Walk Off the Weight
It's so simple and convenient, walking couldn't possibly count as exercise, right? Wrong. Study after study shows that regular moderate walking can help you lose weight and reduce your risk of heart disease.
That's good news, because walking has now become the most popular fitness activity in the United States. Convenient, simple and gentle on the joints, walking is perhaps the easiest form of exercise to maintain. According to surveys, four out of five women who start a walking program continue to walk, while half of women who attempt other types of aerobic exercise, such as swimming, drop out during the first few months.
Here are some ways both to sneak more walking into your life and to get the most out of every step you take.
- Learn the basics. Before you take your next step outdoors, you need to know how much walking to do and how often. Here are the facts:
- For it to be exercise, walk at a pace that has you breathing heavily but still able to talk.
- Your goal, first and foremost, is to walk five days a week, 30 minutes a walk. Do that, and you are getting the base-level amount of exercise that research says should maintain your health and vigor.
- Don't assume you can reach that goal quickly. Walking hard for 30 minutes is, well, hard! Walk for as long as you are comfortable the first week, even if it's just to your mailbox and back. Each subsequent week, increase that amount by no more than 10 percent.
- Start every walk with five minutes of easy-paced walking, about the same pace at which you'd do your grocery shopping, to get your body warmed up. Then, cool down at the end of each walk with another five minutes of easy-paced walking. This allows your heart rate to gradually speed up and slow down.
- When you reach the target of 30 minutes a day, five days a week, set a new target. Either you should grow your walking habit by increasing your time, or you might be ready for new forms of exercise, such as strength-building exercises twice a week.
- Use a pedometer. These inexpensive, nifty gadgets measure how far you've walked in steps and miles. They provide motivation by spurring you to meet a particular goal and showing you if you've met it. And research shows that they work. In one study of 510 people completed at Gundersen Lutheran Medical Center in La Crosse, Wisconsin, people who wore a pedometer automatically increased the amount of steps they took in a day. Often, pedometers hook onto your belt and are small and easy to use.
- Shoot for 10,000 steps a day. Don't let that amount scare you. Most people walk about 5,500 to 7,500 steps during an average day as they amble to and from meetings, in and out of the car, to the mailbox, etc. In fact, researchers who study these types of things consider 5,000 steps a day a "sedentary lifestyle."
According to researchers at Arizona State University in Mesa, you can cover 7,499 steps a day without participating in formal sports or exercise. If you garner 10,000 steps a day, you're considered "active." Using your pedometer, find your baseline of how many steps you normally take in a day. Then increase that amount by at least 200 steps a day until you reach 10,000 daily steps.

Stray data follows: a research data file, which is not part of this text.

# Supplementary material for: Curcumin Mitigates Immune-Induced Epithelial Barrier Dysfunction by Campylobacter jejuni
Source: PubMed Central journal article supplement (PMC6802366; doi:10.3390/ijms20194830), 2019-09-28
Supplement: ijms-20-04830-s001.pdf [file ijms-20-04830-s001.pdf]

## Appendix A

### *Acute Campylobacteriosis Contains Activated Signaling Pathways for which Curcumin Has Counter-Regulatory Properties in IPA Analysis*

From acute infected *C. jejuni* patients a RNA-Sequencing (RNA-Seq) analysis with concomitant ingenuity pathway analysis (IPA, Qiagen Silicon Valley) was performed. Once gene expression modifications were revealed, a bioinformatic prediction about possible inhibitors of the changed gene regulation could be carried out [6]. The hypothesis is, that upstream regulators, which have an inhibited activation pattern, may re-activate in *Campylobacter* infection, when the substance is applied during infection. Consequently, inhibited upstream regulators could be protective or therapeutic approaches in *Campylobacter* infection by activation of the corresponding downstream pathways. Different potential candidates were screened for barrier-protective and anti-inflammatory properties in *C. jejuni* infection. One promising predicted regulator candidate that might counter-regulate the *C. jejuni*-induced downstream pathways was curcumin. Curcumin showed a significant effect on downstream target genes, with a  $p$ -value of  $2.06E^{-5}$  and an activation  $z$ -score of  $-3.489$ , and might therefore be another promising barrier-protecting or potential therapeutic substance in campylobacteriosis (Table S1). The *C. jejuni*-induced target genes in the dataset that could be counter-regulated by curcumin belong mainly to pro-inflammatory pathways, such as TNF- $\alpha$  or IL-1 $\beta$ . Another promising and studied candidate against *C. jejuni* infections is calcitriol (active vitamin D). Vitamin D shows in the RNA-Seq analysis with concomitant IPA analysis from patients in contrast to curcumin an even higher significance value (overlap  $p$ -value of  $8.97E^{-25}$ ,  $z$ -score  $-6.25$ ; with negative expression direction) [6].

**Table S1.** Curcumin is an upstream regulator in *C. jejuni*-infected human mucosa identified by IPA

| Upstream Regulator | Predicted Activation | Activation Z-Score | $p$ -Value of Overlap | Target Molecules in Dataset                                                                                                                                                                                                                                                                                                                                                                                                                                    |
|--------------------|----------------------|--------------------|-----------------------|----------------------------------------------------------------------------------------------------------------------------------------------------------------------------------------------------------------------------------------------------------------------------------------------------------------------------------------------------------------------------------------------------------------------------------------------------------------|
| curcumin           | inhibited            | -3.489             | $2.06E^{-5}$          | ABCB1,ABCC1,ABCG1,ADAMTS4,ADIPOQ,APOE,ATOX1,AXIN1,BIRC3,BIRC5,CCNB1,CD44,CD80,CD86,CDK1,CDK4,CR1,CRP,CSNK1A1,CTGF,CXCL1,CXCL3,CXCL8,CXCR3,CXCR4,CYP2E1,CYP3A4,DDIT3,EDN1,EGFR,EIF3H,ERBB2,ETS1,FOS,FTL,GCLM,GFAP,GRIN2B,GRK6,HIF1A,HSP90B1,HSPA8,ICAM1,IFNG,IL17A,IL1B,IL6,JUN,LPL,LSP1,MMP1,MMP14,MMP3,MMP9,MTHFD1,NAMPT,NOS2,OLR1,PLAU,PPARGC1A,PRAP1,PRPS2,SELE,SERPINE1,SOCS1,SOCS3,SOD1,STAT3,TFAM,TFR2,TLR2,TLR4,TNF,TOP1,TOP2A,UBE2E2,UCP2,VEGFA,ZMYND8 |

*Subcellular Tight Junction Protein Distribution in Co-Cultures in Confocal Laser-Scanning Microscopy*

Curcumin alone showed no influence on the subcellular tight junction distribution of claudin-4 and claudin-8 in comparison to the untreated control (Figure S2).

- Breathe deeply as you walk to a count of 1-2-3. Many people unintentionally hold their breath when they exercise and then suddenly feel breathless and tired. Oxygen is invigorating, and muscles need oxygen to create the energy for movement. So as you inhale, bring the air to the deepest part of your lungs by expanding your ribs outward and your tummy forward and inhale for a count of three. Then exhale fully either through your nose or mouth, also to the count of three.
- Pump up the volume. In a study published in the journal Chest, people with severe respiratory disease who listened to music while walking covered four more miles during the eight-week study than a similar group that did not listen to music while walking. Researchers speculate that listening to music made the participants feel less hindered by shortness of breath and distracted them from possible boredom and fatigue. Bring along a headset on your walks and play your favorite tunes.
- When you feel like blowing off your walk, promise yourself you'll do just 10 minutes. "Head out the door for a short walk. Chances are, once you've warmed up, you'll exercise longer than you anticipated," says Liz Applegate, Ph.D., nutrition and fitness expert at the University of California at Davis and author of Bounce Your Body Beautiful. "Even if you don't walk longer, 10 minutes is better than no minutes at all."
- Walk faster earlier in your walk. If you want to increase the amount of fat you burn during your walk, add some bursts of faster walking toward the beginning of your walk. Many walkers wait until the end of the walk to speed up, treating their faster walking as a finishing kick.
Yet a study published in the European Journal of Applied Physiology found that exercisers burned more fat and felt less fatigued when they inserted their faster segments toward the beginning of a workout. It works because you speed up your heart rate early and keep it elevated for the rest of your walk.